Who Shot J.R.?

added 3/10/2010 by Bob Hulsey

One of the stories that may be most eagerly watched this spring is the development of catcher J.R. Towles. The Crosby native now has 2008 first-rounder Jason Castro breathing down his neck as Houston's "catcher of the future". Towles is determined to hold off the challenge of Castro as well newcomer Kevin Cash and veteran Humberto Quintero in the spring camp at Kissimmee for as long as he can.

Most Astro fans know J.R.'s story. Rushed through the Houston farm system, Towles came up to the parent club in September of 2007 at age 23. He had a spectacular month, batting .375 in 14 games, including a homer and five doubles. It took little time for Towles to set the franchise record for most RBIs in a game (8), which he did against the Cardinals on September 20th.

With Brad Ausmus' time in Houston winding down, Towles was penciled into the starting role for 2008 with Ausmus serving as mentor and back-up. While Towles showed some power in early contests, his success waned with each week. Through April 24th, he had good numbers for a catcher (.224/.367/.510/.877) but then came a slide that would send him back to AAA Round Rock. From April 25th to June 1st, he had just five hits and his average fell to .145 and his OPS to .552. He returned to Houston twice more and finished with .137/.250/.253/.503 totals. He looked lost and confused at the plate.

2009 started out much the same way. He started the year in Round Rock, was called up twice due to injuries to Quintero and was injured himself while in the minors. His numbers at AAA weren't bad but he didn't produce much when he was called up to the majors. Brought back up in September, Towles' average fell to .094 on September 23rd. It had been two years since he showed the early promise he carried when he first arrived.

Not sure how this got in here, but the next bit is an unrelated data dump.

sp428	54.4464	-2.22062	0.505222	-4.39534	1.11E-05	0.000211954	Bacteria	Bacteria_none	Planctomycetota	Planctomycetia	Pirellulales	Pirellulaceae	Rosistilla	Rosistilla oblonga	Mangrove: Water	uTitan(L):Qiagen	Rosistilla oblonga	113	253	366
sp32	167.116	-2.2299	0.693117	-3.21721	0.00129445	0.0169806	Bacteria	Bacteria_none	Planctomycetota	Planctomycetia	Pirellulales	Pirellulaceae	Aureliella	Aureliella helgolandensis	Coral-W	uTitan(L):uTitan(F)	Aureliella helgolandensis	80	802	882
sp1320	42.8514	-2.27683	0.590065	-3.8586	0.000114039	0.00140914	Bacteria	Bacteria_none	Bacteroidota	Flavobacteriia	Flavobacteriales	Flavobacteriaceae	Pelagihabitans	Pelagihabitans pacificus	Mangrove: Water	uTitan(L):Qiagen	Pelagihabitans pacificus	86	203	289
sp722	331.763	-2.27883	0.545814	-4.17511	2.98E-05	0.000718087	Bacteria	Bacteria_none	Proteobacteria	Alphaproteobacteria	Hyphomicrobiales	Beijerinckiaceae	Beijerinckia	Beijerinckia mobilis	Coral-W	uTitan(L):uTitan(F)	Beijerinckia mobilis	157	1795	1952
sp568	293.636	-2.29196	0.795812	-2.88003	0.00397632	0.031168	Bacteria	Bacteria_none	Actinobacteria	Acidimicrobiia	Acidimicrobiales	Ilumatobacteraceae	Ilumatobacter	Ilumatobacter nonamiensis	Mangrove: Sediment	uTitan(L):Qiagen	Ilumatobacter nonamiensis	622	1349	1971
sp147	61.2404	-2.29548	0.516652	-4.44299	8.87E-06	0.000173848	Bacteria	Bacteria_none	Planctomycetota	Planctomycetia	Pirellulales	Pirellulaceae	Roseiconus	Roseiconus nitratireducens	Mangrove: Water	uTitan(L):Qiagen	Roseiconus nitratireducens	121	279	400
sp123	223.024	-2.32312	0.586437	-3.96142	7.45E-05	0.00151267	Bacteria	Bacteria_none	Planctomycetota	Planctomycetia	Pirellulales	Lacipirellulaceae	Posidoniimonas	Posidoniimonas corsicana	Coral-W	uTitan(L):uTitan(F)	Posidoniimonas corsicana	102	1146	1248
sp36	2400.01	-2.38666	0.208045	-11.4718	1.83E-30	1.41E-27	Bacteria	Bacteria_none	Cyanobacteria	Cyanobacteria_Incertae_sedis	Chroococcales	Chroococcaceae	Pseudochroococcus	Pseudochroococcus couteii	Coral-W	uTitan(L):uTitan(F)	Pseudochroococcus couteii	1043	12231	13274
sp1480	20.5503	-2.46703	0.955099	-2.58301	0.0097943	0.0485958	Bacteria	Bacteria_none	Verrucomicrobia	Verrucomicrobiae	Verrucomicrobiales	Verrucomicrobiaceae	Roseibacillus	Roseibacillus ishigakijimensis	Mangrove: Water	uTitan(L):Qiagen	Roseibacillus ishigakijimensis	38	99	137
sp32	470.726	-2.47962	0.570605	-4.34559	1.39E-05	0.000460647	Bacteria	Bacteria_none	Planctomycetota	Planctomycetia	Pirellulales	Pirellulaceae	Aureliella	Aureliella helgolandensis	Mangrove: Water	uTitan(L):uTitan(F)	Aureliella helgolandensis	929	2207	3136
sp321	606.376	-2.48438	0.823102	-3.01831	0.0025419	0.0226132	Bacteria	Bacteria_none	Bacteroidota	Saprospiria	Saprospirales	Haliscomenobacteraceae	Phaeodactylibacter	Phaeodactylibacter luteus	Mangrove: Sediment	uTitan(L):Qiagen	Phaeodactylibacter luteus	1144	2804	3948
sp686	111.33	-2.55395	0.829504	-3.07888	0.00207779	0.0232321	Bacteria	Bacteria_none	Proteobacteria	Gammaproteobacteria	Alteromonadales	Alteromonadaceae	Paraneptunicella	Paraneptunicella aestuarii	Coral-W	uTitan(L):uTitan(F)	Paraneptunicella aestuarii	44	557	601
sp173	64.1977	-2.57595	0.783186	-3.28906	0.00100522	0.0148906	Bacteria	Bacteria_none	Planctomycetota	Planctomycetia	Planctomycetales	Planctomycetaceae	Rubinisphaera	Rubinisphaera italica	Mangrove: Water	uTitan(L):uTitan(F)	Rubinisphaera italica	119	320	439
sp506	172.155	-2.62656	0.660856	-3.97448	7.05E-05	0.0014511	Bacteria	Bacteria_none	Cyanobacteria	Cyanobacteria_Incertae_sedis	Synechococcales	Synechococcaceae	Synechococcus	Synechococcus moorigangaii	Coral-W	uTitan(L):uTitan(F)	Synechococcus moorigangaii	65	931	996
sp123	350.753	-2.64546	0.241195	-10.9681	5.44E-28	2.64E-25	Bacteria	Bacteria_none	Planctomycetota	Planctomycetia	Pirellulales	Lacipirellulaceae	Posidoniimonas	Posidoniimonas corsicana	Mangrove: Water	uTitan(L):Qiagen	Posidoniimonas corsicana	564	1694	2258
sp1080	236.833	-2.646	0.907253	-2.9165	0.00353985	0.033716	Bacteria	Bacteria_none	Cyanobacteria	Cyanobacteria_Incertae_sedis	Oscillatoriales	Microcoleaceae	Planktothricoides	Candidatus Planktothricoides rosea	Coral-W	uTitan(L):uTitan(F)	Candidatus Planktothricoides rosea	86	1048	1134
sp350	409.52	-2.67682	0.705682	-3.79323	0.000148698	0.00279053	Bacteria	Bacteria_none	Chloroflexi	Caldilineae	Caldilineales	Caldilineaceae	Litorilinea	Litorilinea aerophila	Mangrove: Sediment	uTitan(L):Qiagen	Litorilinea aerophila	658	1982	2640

But on the season's final road trip to Philadelphia and New York, under interim manager Dave Clark, Towles seemed to re-discover whatever had been missing. It started with an infield single against Brad Lidge in the ninth inning of an 8-2 victory on September 28th. The next day, he walked, singled and doubled off J.A. Happ. The following day, J.R. drilled two solo homers off Pedro Martinez into the Citizen Bank Park bleachers. As I watched him trot the bases on his second round-tripper from my sports bar seat, Towles broke out a big grin as if his long nightmare was finally over.

He added one more double before the season ended, finishing with uninspiring totals of .188/.250/.354/.604 in 16 games. But in that final week, it looked like J.R. Towles had turned a corner.

Through six games this spring, Towles is as hot as Lance Berkman has ever been. He's 8-for-12 (.667) with five doubles and a gaudy 1.797 OPS. He's also been hit by pitch twice, perhaps a sign that pitchers are trying to keep him from digging in. He hasn't been just teeing off on spring camp fodder, either. He has been starting and hitting guys expected to make the big league roster, including Atlanta phenom Tommy Hanson.

It's way too early to know if J.R. Towles is back on track from where he was in 2007. We'll need several more months to make that determination. But those in a rush to anoint Castro as the new Astros catcher might want to wait and see which direction Towles' path goes. If nothing else, Towles could be groomed as a first baseman or third baseman if the Astros insist on putting Castro behind the plate. Short term, Towles can be a valuable back-up and could, ideally, give Castro a year at AAA to refine his game before his big league service clock begins.

A popular teammate, no doubt there are a lot of Astros rooting for Towles to show he can do over a full season what he has shown in brief flashes. The confidence has returned. The real question is whether he can build on it and how patient the Astros will be with him.